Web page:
There are different ways to make one’s wishes known when it comes to refusing or accepting medical care.
Advance medical directives are written instructions in which you express in advance your acceptance or refusal to receive certain medical care in specific clinical situations. In the event that you are no longer able to consent to care, health care professionals would be obligated to abide by your instructions.
Notarized protection mandates
The notarized protection mandate may contain certain provisions about the conditions surrounding the end of life. Unlike the advance medical directives, these end-of-life provisions in the protective mandate are not as readily available to health professionals. In addition, these care wishes expressed in a protection mandate do not constitute advance medical directives within the meaning of the Act Respecting End-of-Life Care.
Should the wishes expressed in the mandate and those expressed in the advance medical directives differ, the latter prevails.
Advance medical directives
Advance medical directives are written documents that express in advance the acceptance or refusal of care in specific clinical situations.
Your advance medical directives will be applied if you find yourself in one of the following situations and are no longer able to give your consent:
You are at the end of your life and suffer from a serious and incurable disease
Your cognitive functions are severely impaired, resulting in an irreversible comatose state or a permanent vegetative state
Your cognitive functions are severely impaired, resulting in a state of advanced dementia with no possibility of improvement (e.g., Alzheimer’s disease or other types of advanced dementia)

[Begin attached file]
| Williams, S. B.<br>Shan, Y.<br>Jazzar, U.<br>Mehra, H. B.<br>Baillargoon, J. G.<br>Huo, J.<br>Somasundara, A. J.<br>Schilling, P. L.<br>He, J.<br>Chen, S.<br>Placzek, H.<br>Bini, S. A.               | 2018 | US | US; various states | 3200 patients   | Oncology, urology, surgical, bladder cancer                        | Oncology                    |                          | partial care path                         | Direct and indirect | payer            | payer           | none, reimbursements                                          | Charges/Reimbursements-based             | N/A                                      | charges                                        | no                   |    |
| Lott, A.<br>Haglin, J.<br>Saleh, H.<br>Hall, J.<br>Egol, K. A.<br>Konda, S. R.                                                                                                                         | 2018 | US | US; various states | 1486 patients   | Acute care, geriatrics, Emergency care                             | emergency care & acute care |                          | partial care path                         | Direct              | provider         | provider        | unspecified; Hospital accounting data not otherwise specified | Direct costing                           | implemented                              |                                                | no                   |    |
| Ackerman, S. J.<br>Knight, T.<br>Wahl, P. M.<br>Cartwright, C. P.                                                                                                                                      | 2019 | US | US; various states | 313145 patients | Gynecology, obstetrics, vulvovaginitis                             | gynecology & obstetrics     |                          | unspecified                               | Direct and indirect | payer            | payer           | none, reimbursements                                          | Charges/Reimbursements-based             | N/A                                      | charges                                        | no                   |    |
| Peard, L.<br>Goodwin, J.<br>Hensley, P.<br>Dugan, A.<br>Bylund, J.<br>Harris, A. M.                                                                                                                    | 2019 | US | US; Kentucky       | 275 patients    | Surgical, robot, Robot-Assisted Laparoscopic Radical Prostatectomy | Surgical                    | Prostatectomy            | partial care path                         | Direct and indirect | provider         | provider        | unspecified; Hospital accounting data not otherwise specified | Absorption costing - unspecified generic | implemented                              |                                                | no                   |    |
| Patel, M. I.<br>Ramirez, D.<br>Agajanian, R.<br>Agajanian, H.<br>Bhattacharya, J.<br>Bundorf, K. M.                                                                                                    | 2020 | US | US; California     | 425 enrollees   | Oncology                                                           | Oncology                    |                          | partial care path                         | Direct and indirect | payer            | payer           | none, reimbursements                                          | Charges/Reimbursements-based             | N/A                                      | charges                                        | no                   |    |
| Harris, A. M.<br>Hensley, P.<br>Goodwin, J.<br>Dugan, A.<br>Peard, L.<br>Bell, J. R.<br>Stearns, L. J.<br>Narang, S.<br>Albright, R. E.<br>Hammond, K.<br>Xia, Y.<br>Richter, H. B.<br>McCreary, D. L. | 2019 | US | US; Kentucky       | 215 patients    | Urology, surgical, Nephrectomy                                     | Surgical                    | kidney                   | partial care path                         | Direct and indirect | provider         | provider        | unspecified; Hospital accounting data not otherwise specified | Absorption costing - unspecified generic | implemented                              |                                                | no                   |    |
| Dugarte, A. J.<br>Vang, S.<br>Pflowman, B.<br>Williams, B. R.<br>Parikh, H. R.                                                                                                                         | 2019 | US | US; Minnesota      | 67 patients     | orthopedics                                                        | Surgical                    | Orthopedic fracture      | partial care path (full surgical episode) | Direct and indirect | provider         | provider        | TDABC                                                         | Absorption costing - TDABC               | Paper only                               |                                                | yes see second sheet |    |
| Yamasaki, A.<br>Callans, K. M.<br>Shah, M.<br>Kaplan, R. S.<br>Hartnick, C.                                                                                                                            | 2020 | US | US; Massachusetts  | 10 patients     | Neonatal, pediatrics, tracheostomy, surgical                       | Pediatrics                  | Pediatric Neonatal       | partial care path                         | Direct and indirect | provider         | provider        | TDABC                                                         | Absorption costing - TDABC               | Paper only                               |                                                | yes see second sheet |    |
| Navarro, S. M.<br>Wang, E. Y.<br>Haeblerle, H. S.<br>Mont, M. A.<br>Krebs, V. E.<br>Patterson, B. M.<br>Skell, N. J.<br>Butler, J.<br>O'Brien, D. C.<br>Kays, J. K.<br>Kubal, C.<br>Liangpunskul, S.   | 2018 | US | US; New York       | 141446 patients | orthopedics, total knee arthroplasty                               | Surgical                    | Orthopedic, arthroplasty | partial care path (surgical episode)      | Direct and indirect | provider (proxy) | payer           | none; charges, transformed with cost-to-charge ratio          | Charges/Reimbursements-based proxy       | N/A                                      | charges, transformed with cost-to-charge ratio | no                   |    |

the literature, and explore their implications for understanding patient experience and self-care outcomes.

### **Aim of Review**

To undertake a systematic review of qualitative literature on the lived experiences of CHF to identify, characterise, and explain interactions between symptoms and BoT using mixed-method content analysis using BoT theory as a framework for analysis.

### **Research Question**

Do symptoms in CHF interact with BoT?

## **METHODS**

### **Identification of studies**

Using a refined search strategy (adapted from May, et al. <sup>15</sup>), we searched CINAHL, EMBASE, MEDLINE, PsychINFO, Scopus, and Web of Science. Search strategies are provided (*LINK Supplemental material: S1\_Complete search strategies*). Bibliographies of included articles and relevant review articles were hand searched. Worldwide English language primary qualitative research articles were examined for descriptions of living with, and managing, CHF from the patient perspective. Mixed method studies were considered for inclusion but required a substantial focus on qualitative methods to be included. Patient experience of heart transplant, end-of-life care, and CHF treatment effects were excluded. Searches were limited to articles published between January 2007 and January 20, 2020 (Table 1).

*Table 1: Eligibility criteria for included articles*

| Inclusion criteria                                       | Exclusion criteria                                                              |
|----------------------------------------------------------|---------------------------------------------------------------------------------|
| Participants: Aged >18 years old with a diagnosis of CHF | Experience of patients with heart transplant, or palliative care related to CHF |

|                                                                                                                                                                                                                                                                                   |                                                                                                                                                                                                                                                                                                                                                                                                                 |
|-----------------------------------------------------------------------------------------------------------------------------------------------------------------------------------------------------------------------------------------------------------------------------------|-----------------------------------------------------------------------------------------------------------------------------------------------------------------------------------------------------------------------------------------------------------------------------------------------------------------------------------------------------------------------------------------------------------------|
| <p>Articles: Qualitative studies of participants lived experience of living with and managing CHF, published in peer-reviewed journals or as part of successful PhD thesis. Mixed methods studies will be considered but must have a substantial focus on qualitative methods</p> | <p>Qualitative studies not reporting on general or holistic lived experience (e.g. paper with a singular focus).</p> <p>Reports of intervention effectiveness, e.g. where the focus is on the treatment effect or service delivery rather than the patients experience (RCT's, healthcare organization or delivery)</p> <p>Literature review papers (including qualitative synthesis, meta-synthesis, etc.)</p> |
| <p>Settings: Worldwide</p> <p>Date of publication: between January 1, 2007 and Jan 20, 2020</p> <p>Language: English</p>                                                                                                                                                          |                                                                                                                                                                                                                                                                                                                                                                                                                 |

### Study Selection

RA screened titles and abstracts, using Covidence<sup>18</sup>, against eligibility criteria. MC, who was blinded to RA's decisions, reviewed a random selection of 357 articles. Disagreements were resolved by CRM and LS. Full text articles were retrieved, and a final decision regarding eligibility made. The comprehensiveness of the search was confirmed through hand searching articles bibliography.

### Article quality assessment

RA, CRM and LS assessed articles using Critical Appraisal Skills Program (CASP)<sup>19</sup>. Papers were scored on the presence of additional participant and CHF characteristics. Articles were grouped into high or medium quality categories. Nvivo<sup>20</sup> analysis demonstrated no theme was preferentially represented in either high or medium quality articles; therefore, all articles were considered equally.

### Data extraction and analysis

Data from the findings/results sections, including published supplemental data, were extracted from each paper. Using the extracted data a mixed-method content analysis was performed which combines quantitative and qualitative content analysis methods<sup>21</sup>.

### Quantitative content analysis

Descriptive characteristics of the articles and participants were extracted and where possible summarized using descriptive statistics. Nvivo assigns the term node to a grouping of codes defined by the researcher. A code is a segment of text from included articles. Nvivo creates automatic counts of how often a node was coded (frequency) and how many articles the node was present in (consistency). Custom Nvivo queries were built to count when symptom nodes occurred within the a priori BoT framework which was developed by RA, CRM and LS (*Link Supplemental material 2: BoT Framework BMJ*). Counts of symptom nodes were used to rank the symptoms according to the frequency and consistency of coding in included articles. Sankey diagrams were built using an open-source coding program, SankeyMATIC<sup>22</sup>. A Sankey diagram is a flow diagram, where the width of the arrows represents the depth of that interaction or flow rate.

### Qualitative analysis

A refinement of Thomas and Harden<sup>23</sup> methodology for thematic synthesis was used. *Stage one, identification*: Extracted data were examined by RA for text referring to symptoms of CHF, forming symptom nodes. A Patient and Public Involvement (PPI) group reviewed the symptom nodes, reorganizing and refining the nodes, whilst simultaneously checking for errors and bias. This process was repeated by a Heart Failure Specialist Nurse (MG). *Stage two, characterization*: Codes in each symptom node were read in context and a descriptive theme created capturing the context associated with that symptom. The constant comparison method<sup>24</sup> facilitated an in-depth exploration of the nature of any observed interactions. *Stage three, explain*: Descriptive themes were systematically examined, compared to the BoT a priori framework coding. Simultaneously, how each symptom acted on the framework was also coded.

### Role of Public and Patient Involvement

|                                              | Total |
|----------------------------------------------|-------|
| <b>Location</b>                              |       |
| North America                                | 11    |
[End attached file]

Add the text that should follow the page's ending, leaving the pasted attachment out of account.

Care that may be refused or accepted:
Forced or artificial feeding
Forced or artificial hydrationforcée ou artificielle.
Advance medical directives may be made before witnesses using the form prescribed by the Minister of Health and Social Services. However, the law also provides that your notary may record your directives in a notarial act. This solution has undeniable advantages. Contrary to the form, a notarial act is difficult to contest.
Note: A doctor cannot be asked to administer a drug or substance to obtain medical aid in dying. The Act Respecting End-of-Life Care prohibits advance consent.
By making your advance medical directives before a notary, you can be confident you have the information you need to make the right choices.
The notary is a legal professional. Their role is to advise you in the preparation of the legal document that will contain your advance medical directives.
Ensures that you have received all the necessary information before preparing your instructions and that you are well informed of the consequences of refusing care
Discusses your situation and needs with you, without taking the place of a health care professional
Verifies that there is no conflict between your wishes expressed elsewhere and your advance medical directives
Takes the time to answer your questions
Forwards your instructions to the Advance Medical Directives Register and your physician for inclusion in your medical record at your request
The notary can direct you to different resources if you need more information about the care you want to receive, including the impact on longevity and quality of life.
Finally, the notarial act is ideal since its authenticity gives it a high degree of reliability.
The notarial act guarantees:
The person’s identity
That the person is of full age and capable of giving consent to or refusing certain medical care
That consent is informed and given freely and without undue pressure